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To cut the rate of warming by half within 20 years and thus avoid the risks of crossing the 2C threshold before 2050, we have to curb emissions of methane by 50 percent, black carbon soot by 75 percent and HFCs with high global warming potential by 100 percent. The good news is we have shovel-ready technologies and policy proposals at hand. Some of the quickest actions we can take include:

Require climate-friendly refrigerants and cooling equipment that are super energy-efficient. John KerryJohn KerryCO2 tax support is based in myth: Taxing essential energy harms more than it helps Kerry says he's 'hopeful, not confident' that China will cooperate on emissions Overnight Energy: EPA pledges new focus on environmental justice | Republicans probe EPA firing of Trump-appointed science advisers | Biden administration asks court to toss kids' climate lawsuit MORE, who now leads the climate agenda in the Biden White House, led the charge to use the Montreal Protocol to cut HFCs and avoid up to 0.5C of future warming in the waning days of the Obama administration via the Kigali Amendment.

Deploy soot free diesel. Retrofit all diesel vehicles fueled by ultra-low sulfur diesel with diesel particulate filters, on the way to electric vehicles and perhaps hydrogen for trucking.

Ban food waste from landfills. Fully one-third of food waste is dumped in landfills. It, along with other organic waste, is one of the largest sources of methane, equivalent to the emissions of 37 million cars. The edible part of the food should be used to feed the hungry while the non-edible processed through biodigesters to produce renewable fuels.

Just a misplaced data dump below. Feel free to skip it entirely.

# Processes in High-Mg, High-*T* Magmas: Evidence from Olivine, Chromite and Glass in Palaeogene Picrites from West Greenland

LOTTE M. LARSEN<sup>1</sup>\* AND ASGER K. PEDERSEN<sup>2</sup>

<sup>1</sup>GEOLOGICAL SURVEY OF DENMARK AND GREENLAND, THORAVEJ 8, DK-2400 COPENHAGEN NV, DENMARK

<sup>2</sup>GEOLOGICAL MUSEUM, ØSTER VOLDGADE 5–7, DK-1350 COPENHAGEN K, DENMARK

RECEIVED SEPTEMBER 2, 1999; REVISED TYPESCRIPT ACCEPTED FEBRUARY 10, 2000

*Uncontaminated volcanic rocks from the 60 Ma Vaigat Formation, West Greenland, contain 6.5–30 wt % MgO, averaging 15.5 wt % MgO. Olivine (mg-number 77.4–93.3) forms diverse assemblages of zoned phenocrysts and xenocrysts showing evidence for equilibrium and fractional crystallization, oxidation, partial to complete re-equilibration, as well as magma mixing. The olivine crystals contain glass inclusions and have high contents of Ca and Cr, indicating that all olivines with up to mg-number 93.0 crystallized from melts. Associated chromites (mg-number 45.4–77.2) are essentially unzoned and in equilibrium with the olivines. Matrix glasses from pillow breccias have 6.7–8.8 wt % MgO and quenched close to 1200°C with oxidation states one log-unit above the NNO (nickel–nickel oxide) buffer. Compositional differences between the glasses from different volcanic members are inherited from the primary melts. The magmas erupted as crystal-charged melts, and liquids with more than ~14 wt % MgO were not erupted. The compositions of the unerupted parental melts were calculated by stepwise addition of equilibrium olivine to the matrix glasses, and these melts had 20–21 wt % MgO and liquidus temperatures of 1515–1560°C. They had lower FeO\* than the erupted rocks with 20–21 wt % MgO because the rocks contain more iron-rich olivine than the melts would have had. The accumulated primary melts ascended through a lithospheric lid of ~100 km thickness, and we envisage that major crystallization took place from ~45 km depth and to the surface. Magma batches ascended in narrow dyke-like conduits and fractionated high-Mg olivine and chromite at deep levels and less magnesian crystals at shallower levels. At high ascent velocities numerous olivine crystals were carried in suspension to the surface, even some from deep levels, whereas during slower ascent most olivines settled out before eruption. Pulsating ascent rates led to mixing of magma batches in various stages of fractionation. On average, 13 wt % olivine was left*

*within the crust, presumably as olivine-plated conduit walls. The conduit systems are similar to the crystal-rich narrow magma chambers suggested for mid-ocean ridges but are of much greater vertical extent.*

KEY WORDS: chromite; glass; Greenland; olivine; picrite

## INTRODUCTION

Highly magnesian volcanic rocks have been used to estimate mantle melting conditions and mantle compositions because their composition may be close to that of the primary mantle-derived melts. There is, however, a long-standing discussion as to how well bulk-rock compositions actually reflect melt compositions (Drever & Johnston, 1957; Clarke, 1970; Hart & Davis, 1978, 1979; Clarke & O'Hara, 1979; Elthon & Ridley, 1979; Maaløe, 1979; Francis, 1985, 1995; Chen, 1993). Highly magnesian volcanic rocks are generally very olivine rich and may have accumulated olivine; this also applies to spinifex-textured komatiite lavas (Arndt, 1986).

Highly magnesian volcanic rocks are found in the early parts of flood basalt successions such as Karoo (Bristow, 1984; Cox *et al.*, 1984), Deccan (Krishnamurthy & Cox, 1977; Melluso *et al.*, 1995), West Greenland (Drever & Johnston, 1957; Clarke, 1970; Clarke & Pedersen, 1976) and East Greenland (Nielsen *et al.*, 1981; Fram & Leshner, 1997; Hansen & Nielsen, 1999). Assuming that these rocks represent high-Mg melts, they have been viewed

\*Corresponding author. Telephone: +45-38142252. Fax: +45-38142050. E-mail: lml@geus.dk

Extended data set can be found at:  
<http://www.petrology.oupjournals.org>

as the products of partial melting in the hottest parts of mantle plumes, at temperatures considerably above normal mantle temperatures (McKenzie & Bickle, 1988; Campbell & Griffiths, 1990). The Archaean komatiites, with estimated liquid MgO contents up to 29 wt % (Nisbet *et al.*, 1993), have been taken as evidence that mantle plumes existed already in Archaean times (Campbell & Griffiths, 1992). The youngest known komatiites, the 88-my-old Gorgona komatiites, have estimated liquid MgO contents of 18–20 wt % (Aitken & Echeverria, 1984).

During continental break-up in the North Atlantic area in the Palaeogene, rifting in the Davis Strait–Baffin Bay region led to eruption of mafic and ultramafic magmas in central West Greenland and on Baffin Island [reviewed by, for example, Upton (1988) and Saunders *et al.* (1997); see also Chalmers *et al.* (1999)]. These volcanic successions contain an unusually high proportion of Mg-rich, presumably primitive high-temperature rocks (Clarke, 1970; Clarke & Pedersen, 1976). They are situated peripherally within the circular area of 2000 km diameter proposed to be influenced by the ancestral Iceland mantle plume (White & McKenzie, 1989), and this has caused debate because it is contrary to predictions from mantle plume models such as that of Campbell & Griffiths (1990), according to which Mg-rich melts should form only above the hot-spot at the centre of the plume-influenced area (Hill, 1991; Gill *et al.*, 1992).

Develop manure free farms. Reduce methane and other climate pollutants produced by cattle and other farm animals through feed additives and manure management including biodigesters that can produce renewable fuel as we shift our diet to depend less on farm-raised animals.

Produce leak free gas pipes, to reduce methane from transmission and distribution of natural gas.

To ensure a fast start, we propose the U.S. Congress enact a fast mitigation, "Bend the Warming Curve Initiative" that includes legislation to enact these measures. It would jump start a 10-year sprint to prevent spiking temperatures long enough to achieve net zero emissions, remove the excess CO2, and restore a safe climate.

The future of our planet — and the safety of our children — is at stake. We must act with urgency.

V. Ram Ramanathan is a presidential professor of Climate Stability at the University of California San Diego and editor and co-author of the book: Bending the Curve: Climate Change Solutions. Congressman Scott PetersScott H. PetersBiden clean electricity standard faces high hurdles House Democrats introduce carbon pricing measure Democrats target Trump methane rule with Congressional Review Act MORE represents the 52nd District of California. He who has authored laws pertaining to super pollutants and carbon removal technologies and serves on the House Energy and Commerce Committee. Durwood Zaelke is president of the Institute for Governance & Sustainable Development and an adjunct professor at the Bren School of Environmental Science and Management, University of California, Santa Barbara.